Dust, pollen, dryness, smoke, or other irritants are the most common causes of redness, which can usually be relieved simply by rinsing the affected eye with a hydrating solution to flush out the offending irritation. Artificial tears do not constrict blood vessels dilated by marijuana but can reduce redness due to related causes such as smoke or dryness.

Some people find placing a cold compress or towel over their eyes

can relieve symptoms. The idea is similar to putting an ice pack on a swollen muscle. Ice is too cold to use on your eyes safely, but a cold compress can reduce swelling in your blood vessels and temporarily relieve pain and discomfort. 

If the red eye is caused by dryness then you can avoid smoking and switch to vaping which produces less dryness or try a CBD/THC tincture or edibles to prevent it. You may also find a humidifier to combat dry air that can help prevent red eye.

After a few days without vasoconstricting drops, symptoms of rebound hyperemia usually subside, but in rare extreme cases, it can take longer.



While purely a cosmetic issue (meaning there are no serious health risks associated with the condition), chronic red eye can carry the social stigma of drug use, fatigue, or other illness and can draw unwanted attention. 

Fortunately, most cases of rebound hyperemia resolve themselves within a few days of not using vasoconstrictors.

That said, red eyes sometimes signal a more serious eye condition, such as glaucoma, dry eye, pink eye, or uveitis. Conditions such as lupus and Sjögren's syndrome can also cause redness of the eyes. 

If the eyes do not return to normal after a week, or if other symptoms occur, including complete redness of the eye, redness in only one eye, swelling, pain, or vision changes, consult an optometrist immediately, as these can be signs of an infection or other condition.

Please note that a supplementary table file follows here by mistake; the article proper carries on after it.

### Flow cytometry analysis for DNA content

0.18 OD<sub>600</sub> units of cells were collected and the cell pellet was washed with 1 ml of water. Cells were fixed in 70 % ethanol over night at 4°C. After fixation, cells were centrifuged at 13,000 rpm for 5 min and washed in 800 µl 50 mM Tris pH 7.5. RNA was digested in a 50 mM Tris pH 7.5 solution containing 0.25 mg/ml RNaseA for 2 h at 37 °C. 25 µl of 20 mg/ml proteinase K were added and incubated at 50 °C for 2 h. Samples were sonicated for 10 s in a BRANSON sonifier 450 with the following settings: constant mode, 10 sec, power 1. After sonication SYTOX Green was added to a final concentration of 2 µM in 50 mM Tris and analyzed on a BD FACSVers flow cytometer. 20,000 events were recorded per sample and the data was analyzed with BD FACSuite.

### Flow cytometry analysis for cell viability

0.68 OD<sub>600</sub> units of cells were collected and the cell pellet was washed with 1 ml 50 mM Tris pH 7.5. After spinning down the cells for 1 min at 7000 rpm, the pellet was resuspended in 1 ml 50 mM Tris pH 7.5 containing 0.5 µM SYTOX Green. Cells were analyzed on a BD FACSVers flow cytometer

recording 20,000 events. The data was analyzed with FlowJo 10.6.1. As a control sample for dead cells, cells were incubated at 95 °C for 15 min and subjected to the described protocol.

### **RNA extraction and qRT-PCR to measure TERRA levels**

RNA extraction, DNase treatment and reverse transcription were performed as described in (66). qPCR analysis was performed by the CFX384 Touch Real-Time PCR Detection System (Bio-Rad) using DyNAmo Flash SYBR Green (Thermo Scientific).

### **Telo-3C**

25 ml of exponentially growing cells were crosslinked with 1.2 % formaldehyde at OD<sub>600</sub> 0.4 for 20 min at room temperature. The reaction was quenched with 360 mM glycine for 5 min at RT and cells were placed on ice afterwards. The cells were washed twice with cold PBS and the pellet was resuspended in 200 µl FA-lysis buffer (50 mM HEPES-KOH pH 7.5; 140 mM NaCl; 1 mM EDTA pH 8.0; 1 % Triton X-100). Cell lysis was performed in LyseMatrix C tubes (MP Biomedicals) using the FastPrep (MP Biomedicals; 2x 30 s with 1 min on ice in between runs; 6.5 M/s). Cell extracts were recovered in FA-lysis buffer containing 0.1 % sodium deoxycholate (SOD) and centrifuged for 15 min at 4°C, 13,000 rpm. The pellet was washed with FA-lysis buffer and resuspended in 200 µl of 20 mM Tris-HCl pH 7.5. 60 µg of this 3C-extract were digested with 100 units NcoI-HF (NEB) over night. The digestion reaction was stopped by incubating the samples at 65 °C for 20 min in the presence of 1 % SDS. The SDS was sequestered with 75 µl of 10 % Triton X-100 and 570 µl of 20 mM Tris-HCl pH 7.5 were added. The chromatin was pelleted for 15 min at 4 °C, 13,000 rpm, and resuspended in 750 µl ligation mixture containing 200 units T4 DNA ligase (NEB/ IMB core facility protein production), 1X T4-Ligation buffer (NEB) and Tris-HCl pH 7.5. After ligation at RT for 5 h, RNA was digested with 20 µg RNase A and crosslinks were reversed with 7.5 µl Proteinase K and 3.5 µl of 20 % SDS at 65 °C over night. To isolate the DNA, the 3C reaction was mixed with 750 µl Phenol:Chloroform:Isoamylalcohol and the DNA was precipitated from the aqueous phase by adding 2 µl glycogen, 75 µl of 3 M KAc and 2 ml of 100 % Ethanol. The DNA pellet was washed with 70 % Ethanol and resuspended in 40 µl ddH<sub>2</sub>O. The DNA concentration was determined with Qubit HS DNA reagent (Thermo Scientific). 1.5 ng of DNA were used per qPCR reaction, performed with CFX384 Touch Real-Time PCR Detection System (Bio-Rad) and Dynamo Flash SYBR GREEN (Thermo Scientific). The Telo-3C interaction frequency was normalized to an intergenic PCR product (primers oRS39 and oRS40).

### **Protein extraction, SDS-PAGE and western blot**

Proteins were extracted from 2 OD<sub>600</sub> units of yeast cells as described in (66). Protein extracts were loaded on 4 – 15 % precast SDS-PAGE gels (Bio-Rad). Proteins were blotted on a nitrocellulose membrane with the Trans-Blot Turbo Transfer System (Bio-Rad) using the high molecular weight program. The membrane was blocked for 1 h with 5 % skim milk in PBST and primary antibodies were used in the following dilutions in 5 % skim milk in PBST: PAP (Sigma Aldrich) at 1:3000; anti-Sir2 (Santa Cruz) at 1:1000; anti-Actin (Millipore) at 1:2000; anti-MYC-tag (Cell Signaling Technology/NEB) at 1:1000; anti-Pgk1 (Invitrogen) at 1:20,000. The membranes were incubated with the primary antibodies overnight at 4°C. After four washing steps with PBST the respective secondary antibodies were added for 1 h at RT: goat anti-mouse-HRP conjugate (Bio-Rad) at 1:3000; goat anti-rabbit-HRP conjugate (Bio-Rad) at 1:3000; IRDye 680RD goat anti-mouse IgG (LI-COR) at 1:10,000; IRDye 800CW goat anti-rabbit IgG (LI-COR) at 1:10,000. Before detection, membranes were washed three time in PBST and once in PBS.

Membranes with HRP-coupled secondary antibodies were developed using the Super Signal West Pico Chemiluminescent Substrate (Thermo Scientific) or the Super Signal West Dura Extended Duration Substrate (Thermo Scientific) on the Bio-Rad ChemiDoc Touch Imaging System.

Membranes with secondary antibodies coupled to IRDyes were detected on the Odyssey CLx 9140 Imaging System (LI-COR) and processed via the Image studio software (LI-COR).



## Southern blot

Before using eye drops, try to figure out the cause of the problem. If you have frequent eye redness or redness that persists after you abstain from using vasocongestion eye drops, you should schedule an eye exam with your optometrist. 


How long does rebound hyperemia last?

In most cases, rebound congestion only lasts a few days after the use of contractile eye drops is stopped. Rare cases last longer but should still resolve themselves. If symptoms worsen or do not improve after a week, consult an optometrist so they can check the condition is not caused by something more serious.

How do you treat rebound redness?

Rebound redness can be treated by abstaining from using any vasoconstricting drops (usually tetrahydrozoline or naphthomethazoline). Blood vessels in the eye readjust without medication, so redness inevitably lasts for a few days, but this redness can be treated with OTC artificial tears and cold compresses to the eye.

What is an eye rebound?

Rebound or "rebound effect" is when blood vessels respond to drug-induced contraction by forcefully dilating in the absence of the drug. The same phenomenon is seen with nasal decongestants.

Why does Visine make my eyes redder?

Redness relief drops contain active ingredients called vasoconstrictors that shrink unsightly veins in the eye. However, restricting blood flow also means restricting oxygen and nutrients to the eyes. As a result, long-term or continuous use of these constricting drugs can force blood vessels to respond by dilating beyond their normal size when the drugs are not present, leading to chronic red eye and a cycle of treatment and response.

What are the specific active ingredients in redness relief drops that cause rebound hyperemia?

Tetrahydrozoline and naphthomethazoline/naphazoline.

Are there any long-term effects or risks associated with rebound hyperemia?

It can take several days (or sometimes longer) for this effect to gradually disappear.

What is the long-term risk of using vasoconstrictor eye drops?

These eye drops were designed to be used for a very short period of time. One or two days maximum. They are not meant to be used daily. The vessels can become permanently enlarged if these eye drops are used for a prolonged period.